Quick editor’s note: These entries on the six kinds of workbench builders are all 100 percent true. I have removed the names of the people involved (except for Todd). Note that I have only love for these nutjobs.
My encounters with The Cheapskate could fill a book on workbenches. This is but one short story.
I receive a fax. On the paper is the message: “Could you call me at XXX-XXX-XXXX please? I have an important question about workbenches.”
Intrigued, I call. My first question: Hey, uh, why the fax?
The Cheapskate: “We’re not allowed to make long-distance calls here at my place of employment. But they didn’t say anything about making long-distance faxes.”
A cold stone grows in my stomach.
The Cheapskate gets down to business: “I want to build a Roubo workbench, but I’m tight on fundage. We’ve got these pallets where I work, and I’m wondering if those will work? I don’t know what the species is – something weird – and the stock is thin and filled with nails and spiral screw things.”
I am certified in counseling The Pallet People. So I know what to do.
Question: What sort of sizes can you get from the pallets?
The Cheapskate: “About 1/2” thick, 4” wide and 48” long.”
Me: So for an 8’-long bench, you will need almost 100 of those pieces just for the benchtop. You will need to de-nail them, flatten them and glue them together in stages that are staggered – probably about 18 to 20 stages – if I remember right from my Pallet People Intervention Manual.
The Cheapskate: “Brilliant! Thanks so much! I’ll do it!”
A few weeks pass; another fax arrives.
The Cheapskate: “I’m working on the benchtop, and I have a technical question for you. How little glue do I need to use to stick these pieces together? I mean, I’m trying to recover all the squeeze-out, but I’ve laminated seven layers so far and used up a 16 oz. bottle of glue. That’s crazy.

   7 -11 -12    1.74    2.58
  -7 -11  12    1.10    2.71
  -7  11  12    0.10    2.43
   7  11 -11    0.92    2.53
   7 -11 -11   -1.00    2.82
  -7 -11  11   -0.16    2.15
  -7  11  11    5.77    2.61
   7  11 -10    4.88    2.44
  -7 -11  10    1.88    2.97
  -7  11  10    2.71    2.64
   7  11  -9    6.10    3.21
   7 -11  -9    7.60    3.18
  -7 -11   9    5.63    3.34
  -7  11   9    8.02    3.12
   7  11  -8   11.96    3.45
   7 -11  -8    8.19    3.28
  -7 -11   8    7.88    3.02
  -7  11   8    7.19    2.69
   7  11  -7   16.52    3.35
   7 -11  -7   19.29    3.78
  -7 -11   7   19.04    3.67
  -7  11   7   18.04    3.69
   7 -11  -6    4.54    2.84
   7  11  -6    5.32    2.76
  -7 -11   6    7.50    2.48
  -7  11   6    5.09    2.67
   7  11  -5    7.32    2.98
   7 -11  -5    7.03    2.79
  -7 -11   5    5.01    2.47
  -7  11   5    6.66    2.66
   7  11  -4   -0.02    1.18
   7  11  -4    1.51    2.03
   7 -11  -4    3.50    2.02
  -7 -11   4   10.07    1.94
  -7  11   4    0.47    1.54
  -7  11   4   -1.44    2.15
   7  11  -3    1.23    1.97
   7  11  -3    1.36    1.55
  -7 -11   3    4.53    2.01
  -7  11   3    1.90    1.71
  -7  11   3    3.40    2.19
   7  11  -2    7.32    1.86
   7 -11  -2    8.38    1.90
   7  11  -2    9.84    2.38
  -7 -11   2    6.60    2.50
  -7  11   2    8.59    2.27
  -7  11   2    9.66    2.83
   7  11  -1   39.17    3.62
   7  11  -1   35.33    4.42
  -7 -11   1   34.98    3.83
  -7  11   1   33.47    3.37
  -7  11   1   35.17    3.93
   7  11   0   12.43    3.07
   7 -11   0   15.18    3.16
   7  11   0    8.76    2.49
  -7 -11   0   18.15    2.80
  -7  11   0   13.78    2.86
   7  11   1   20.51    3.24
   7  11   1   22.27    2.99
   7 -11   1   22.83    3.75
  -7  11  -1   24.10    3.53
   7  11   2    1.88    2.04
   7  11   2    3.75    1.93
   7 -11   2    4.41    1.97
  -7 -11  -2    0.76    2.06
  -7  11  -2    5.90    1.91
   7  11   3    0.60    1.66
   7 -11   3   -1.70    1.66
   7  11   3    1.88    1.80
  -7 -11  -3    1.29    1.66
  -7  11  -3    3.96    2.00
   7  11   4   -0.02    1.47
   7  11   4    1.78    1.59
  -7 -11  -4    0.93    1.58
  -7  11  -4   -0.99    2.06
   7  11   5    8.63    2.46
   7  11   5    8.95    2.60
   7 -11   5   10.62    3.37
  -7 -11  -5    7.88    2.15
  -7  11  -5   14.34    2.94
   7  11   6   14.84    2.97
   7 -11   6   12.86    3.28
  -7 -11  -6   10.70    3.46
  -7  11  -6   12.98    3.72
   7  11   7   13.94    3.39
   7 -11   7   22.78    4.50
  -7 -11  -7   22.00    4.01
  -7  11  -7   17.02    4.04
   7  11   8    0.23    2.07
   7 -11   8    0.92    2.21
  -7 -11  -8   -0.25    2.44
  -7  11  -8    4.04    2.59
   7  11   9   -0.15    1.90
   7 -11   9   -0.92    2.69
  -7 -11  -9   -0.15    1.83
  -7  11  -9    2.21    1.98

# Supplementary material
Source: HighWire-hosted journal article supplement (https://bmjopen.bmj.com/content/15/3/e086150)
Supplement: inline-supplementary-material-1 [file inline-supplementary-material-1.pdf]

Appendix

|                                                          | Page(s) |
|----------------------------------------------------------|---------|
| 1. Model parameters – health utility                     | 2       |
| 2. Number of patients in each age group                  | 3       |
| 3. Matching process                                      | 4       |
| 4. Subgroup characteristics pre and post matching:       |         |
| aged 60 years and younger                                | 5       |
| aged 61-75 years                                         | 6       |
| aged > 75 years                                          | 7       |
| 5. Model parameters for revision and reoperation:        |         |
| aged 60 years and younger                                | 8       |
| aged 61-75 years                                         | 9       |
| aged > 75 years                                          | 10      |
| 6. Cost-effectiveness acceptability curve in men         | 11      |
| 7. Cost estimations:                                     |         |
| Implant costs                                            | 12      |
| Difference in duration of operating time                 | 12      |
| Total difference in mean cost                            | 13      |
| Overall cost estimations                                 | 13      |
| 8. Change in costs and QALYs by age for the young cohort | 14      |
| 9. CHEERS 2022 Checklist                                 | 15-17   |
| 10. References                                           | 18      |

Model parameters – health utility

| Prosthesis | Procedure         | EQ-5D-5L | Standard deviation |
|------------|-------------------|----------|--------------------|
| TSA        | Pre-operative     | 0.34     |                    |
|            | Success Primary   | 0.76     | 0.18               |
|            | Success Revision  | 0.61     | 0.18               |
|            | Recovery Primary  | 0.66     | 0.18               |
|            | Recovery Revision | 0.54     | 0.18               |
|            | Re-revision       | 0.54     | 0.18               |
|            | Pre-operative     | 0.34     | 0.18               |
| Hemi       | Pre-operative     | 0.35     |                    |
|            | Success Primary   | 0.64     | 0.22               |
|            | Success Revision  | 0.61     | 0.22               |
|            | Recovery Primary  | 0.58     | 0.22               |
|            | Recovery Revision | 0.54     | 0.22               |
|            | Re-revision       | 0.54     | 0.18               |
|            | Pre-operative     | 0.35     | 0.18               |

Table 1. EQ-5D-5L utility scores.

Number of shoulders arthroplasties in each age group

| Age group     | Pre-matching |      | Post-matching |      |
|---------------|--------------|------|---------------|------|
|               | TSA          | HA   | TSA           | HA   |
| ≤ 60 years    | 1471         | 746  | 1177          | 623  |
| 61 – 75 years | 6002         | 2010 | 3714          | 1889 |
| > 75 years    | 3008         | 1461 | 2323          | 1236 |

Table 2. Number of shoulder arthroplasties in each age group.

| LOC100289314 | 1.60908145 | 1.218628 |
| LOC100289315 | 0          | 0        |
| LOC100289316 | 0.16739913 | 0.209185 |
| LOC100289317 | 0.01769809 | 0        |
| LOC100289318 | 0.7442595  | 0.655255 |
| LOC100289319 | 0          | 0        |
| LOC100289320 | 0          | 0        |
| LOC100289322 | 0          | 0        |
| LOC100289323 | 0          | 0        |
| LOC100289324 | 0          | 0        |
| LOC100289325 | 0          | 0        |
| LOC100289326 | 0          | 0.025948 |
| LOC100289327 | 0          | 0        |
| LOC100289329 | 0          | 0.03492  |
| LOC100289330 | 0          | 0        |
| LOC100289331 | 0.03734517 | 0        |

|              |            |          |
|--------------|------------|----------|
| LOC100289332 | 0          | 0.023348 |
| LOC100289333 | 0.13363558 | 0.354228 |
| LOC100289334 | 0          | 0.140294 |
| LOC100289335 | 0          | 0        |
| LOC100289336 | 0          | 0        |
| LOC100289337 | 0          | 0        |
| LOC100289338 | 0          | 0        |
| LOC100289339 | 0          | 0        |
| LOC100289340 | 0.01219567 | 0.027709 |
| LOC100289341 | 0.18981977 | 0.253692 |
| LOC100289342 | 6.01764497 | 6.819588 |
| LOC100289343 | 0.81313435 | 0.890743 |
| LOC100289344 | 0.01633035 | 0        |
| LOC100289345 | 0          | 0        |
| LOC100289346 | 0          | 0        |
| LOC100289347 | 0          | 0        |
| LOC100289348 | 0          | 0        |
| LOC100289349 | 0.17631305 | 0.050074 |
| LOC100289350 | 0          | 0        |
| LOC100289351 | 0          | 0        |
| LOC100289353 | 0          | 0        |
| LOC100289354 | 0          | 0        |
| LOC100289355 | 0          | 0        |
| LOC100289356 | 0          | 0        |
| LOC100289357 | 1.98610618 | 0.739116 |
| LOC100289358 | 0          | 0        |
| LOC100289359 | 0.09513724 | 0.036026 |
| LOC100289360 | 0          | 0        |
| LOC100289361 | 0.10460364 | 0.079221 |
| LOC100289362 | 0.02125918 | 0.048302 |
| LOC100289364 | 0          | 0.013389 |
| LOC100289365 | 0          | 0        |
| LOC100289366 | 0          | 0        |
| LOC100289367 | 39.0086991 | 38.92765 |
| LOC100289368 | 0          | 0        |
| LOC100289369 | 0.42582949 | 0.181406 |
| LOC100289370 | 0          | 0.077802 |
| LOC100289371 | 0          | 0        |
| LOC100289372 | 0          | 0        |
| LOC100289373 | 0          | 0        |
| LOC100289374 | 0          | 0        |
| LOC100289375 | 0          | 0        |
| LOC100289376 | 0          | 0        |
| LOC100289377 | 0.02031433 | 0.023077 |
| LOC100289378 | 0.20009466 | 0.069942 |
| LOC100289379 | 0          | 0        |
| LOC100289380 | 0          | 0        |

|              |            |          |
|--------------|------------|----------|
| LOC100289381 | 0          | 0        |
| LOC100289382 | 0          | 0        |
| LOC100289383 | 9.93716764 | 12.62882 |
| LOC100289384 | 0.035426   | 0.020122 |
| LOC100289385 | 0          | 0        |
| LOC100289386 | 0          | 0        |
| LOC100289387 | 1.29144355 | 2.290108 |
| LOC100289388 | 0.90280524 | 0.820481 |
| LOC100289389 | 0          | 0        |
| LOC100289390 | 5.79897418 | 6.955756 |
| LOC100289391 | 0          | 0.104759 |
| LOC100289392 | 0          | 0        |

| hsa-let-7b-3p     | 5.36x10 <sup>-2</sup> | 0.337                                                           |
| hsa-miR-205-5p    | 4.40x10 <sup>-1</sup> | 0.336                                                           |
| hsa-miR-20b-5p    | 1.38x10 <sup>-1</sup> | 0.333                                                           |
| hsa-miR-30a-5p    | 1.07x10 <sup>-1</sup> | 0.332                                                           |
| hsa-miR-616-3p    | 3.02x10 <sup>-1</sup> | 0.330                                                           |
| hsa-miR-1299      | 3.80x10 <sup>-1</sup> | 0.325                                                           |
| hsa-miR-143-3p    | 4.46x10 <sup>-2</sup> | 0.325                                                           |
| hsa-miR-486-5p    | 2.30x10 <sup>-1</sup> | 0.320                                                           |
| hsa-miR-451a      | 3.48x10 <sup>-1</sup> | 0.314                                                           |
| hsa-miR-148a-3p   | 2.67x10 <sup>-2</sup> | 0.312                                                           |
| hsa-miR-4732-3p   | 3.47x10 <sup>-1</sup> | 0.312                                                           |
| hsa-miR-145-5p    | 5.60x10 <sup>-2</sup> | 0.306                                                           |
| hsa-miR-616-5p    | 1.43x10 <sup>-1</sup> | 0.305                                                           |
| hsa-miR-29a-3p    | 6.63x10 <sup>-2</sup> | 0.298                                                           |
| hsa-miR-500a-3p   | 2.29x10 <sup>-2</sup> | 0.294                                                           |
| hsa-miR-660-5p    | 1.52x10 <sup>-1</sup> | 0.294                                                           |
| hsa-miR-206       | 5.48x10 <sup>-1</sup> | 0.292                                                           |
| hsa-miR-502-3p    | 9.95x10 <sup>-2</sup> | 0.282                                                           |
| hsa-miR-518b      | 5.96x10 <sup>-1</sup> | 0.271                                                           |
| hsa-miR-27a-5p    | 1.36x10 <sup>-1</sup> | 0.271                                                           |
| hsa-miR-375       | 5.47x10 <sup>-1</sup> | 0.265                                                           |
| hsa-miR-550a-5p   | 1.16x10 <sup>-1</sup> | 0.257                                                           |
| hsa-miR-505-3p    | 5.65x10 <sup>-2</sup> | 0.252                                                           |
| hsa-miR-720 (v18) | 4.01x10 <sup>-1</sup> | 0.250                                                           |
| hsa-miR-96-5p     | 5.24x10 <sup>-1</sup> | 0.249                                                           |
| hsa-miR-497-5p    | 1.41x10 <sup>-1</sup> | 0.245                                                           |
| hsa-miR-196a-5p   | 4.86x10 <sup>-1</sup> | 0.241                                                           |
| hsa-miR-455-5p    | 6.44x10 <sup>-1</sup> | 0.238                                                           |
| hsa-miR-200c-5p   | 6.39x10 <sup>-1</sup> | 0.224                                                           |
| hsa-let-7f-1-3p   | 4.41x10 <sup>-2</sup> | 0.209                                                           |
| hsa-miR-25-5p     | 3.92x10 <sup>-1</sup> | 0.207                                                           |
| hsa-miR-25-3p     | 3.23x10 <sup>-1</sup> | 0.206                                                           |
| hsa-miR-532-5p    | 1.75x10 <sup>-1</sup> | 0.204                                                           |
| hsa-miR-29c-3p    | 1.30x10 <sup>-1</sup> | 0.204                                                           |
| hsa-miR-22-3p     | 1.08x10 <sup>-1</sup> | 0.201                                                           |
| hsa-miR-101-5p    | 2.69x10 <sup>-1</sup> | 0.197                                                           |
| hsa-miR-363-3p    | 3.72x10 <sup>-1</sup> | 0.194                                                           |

“Can I get away with just gluing a little bit at the top and bottom of each board – leaving the middle dry?”
Me: I explain that glue is the cheapest part of any project. (“Not this one!” he interjects. “So far I’ve spent money only on glue!”) Deep breath. OK, I say, if you use this strategy, once you flatten the benchtop a few times the top will delaminate.
There is silence on the phone line. (I’ve won!)
Then he answers: “What if I put a paste of rice and water in the middle instead of glue? I’ve heard that rice glue was used in Japanese cultures. We have a lot of rice.”
I unplug the office fax machine.
The Cheapskate sends me an email: “I need to make a face vise and a tail vise, but all I have on hand is all-thread rod from a neighbor’s fencing job – 32 tpi. Can you help?”
I am seriously considering counseling for myself when a follow-up email arrives. It continues the discussion of the 32 tpi vises.
The Cheapskate: “I’m thinking a quick-release mechanism is the way to go – 32 tpi is really slow. But it’s super precise! So here’s the thing. I have a friend with a SawStop. He set the thing off when ripping my benchtop for me (some of the glue wasn’t dry). The SawStop cartridge has these strong blue springs in it. He was going to THROW THEM AWAY! That got me thinking: I could use those as a quick-release trigger for my vise – holding a bit of metal against the all-thread.
“Have you ever seen plans for something like this?”
Weeks pass, and I hope The Cheapskate has taken up Animal Husbandry, cheaping out on animal condoms or something. But then I get a phone call.
The Cheapskate: “I see you’re teaching a workbench class at the Marc Adams School of Woodworking.”
The Cheapskate: “I was wondering: Could you get a student to take videos of your lectures and send them to me? Not the building part. Just the part where you explain how to make the thing. I don’t really have the fundage to take a class.”
Me: I’m afraid that’s not really fair to the students or the owner of the school. Sorry.
The Cheapskate: “Hey, I totally understand. How about I just come to the class and watch? Is that OK? I won’t build anything. I’ll just be there, like a fly on the wall to listen? That OK?”
— Christopher Schwarz, editor, Lost Art Press
Personal site: christophermschwarz.com
Next up: Workbench Personality No. 4: The Best of Everything